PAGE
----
They were traditional American housewives, mothers and daughters in the 1940s, when suddenly everything changed. Millions of men left home to fight in World War II, and the country needed help to produce the machines of war. An army of women answered the call.
They became known as Rosie the Riveters, thanks to a popular film and promotional campaign. In addition to their work on assembly lines, they had a lasting impact on the country, changing perceptions and expanding opportunities for future women in the workforce.
Ford Motor Company Fund, Talons Out Honor Flight and Yankee Air Museum today flew 30 original Rosie the Riveters to Washington, D.C., to celebrate their critical contributions to the war effort. The Rosies, ages 88-98, are being treated to a visit to the World War II Memorial and a special luncheon in their honor at the Library of Congress on Capitol Hill with members of Congress from Michigan.
Ford and its Willow Run Bomber Plant in Ypsilanti, Michigan, was a major force in the Arsenal of Democracy, the term given to the industrial powers that came together to support the Allied war effort and victory. The plant’s mile-long assembly line churned out nearly 9,000 B-24 Liberators – one every hour, or half of all the B-24s built during the war. At peak production, Willow Run employed 42,000 workers, up to one-third of them pioneering women industrial workers.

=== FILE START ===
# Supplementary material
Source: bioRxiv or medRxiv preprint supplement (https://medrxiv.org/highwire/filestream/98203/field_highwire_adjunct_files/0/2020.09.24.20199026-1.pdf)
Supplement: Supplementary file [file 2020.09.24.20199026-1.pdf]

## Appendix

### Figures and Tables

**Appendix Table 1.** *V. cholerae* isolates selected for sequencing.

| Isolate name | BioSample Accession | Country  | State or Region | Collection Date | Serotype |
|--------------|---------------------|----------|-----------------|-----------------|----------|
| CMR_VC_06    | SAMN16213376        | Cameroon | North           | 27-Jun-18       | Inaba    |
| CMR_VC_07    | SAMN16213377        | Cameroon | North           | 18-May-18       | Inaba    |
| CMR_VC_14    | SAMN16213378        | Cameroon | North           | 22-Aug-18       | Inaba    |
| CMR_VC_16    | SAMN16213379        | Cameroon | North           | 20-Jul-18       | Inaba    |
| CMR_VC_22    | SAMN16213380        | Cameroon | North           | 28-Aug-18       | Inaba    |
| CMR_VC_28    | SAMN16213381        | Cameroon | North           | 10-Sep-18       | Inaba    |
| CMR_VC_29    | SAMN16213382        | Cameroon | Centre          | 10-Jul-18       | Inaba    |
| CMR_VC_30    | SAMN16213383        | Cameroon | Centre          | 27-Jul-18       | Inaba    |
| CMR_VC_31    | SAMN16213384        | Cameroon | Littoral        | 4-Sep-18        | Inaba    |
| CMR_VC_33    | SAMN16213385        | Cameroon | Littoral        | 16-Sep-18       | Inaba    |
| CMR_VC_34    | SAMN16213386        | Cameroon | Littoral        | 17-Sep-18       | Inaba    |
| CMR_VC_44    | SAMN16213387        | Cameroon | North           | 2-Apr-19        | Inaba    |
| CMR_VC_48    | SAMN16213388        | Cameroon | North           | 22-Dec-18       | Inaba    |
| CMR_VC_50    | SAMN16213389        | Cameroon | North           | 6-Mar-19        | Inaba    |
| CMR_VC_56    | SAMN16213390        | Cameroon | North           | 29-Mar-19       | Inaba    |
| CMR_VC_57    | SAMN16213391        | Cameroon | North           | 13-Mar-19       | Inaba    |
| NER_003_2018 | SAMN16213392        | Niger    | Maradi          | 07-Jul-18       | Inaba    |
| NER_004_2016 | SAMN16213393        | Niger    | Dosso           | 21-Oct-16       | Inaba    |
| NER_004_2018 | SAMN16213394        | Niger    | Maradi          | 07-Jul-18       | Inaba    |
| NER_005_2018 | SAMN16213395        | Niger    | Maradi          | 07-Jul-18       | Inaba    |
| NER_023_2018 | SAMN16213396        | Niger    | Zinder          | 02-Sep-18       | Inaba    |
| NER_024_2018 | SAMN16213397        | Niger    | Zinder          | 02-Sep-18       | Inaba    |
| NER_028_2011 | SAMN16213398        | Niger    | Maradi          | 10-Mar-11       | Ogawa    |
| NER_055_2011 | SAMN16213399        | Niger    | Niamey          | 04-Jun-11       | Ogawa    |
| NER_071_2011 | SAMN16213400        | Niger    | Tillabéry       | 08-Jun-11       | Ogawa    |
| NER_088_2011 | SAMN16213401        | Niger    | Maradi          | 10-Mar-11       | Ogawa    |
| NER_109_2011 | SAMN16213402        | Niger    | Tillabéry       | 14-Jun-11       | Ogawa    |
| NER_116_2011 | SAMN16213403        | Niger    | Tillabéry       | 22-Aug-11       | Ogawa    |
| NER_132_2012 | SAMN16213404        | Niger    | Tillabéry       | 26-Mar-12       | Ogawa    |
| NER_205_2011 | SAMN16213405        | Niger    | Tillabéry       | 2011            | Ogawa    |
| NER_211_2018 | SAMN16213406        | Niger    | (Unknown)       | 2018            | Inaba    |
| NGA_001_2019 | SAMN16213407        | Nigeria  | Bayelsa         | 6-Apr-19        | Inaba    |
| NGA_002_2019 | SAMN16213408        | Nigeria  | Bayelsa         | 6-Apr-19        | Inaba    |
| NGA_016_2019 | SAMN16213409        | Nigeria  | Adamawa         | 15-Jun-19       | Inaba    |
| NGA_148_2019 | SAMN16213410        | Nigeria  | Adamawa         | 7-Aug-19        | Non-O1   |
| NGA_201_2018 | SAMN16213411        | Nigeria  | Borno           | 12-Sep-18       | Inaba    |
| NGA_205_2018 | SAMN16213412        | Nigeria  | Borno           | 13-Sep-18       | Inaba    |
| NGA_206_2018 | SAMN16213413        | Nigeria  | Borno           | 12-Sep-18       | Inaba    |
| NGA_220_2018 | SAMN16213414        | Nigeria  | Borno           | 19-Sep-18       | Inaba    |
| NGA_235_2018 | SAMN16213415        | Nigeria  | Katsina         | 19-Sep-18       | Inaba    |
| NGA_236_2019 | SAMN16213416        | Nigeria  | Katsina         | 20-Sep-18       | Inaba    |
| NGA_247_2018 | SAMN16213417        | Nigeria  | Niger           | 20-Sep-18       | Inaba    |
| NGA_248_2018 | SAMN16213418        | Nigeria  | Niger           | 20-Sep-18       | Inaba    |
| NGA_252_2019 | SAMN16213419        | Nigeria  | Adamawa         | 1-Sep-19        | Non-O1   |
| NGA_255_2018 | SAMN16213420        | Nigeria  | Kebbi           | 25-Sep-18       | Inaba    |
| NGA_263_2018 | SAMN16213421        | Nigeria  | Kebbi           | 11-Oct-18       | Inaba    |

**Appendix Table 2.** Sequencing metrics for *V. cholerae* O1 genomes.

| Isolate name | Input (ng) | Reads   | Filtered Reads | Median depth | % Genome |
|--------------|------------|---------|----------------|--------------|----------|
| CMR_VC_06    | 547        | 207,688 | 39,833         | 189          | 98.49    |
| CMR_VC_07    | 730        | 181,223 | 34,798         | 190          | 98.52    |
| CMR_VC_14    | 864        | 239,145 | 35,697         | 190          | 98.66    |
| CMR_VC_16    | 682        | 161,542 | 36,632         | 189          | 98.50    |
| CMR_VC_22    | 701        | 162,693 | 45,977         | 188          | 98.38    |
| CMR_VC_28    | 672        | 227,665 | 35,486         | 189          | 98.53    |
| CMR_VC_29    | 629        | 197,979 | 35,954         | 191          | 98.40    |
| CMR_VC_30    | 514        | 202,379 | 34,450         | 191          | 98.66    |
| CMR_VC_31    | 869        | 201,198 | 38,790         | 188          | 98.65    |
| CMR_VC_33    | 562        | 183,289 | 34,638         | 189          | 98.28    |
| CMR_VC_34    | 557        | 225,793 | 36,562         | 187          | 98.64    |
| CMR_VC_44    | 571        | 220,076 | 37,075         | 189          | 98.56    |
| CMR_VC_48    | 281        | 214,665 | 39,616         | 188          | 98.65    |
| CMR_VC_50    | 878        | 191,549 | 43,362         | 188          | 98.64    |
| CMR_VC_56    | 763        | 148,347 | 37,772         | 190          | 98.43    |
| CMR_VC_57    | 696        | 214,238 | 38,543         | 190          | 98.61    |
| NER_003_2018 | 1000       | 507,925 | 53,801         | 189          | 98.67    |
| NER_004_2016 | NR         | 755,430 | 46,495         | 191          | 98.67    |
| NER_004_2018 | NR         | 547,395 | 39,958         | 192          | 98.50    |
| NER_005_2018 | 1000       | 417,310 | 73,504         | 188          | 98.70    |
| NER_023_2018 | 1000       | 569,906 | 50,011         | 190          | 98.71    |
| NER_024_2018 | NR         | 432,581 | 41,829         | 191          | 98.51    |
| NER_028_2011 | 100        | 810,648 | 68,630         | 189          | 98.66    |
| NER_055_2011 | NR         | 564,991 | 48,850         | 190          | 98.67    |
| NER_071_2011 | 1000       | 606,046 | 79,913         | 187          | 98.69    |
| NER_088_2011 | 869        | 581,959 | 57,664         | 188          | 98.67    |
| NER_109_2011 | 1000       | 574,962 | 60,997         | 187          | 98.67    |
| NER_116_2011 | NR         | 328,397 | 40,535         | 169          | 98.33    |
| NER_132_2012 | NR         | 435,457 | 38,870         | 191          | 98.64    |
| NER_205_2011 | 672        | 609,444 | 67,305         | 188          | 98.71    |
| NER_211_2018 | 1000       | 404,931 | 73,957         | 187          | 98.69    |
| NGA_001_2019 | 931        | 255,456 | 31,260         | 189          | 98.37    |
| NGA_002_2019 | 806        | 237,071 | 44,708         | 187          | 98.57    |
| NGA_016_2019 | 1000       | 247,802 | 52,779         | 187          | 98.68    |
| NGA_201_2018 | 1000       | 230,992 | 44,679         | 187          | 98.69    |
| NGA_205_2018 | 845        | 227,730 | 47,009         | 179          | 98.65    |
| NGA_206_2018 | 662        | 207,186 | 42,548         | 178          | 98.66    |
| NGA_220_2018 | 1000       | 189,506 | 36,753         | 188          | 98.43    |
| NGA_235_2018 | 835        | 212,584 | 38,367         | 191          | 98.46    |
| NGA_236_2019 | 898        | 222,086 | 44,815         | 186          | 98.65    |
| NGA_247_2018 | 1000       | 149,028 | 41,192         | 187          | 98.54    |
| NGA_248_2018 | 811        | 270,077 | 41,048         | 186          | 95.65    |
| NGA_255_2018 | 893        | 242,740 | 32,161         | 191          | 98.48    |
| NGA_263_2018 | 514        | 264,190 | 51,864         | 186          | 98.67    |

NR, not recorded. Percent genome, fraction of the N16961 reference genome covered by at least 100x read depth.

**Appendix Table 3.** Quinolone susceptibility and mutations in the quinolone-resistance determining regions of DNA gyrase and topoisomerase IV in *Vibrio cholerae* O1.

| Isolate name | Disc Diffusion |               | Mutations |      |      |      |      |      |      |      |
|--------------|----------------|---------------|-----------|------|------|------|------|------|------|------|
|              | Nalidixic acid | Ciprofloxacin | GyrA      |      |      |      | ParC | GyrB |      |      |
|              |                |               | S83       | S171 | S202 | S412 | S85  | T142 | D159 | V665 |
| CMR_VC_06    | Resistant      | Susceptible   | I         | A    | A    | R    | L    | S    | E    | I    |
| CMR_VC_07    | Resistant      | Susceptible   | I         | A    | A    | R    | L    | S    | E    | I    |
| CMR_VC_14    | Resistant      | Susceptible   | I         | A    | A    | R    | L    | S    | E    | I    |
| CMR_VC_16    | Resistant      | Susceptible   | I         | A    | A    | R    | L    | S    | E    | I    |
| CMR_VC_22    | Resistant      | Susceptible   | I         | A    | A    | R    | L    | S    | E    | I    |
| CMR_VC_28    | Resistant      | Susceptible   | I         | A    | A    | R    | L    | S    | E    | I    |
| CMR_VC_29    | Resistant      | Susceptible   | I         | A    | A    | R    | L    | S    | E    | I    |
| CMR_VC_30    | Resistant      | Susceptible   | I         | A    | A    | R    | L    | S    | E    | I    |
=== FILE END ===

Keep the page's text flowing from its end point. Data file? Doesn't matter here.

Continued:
“These women not only helped win a war, they paved the way for future generations to achieve economic and personal independence,” said Jim Vella, president, Ford Motor Company Fund and Community Services, the philanthropic arm of Ford. “It is an honor to celebrate their vital contributions to our country and the cause of freedom.”
Today’s Honor Flight is part of Ford’s ongoing support for women and military veterans. Ford has sponsored 11 Honor Flights of World War II veterans to Washington, D.C. Last year, Ford Fund supported the Freedom Sisters REBOOT Workshop, which helped integrate women military veterans back into civilian life.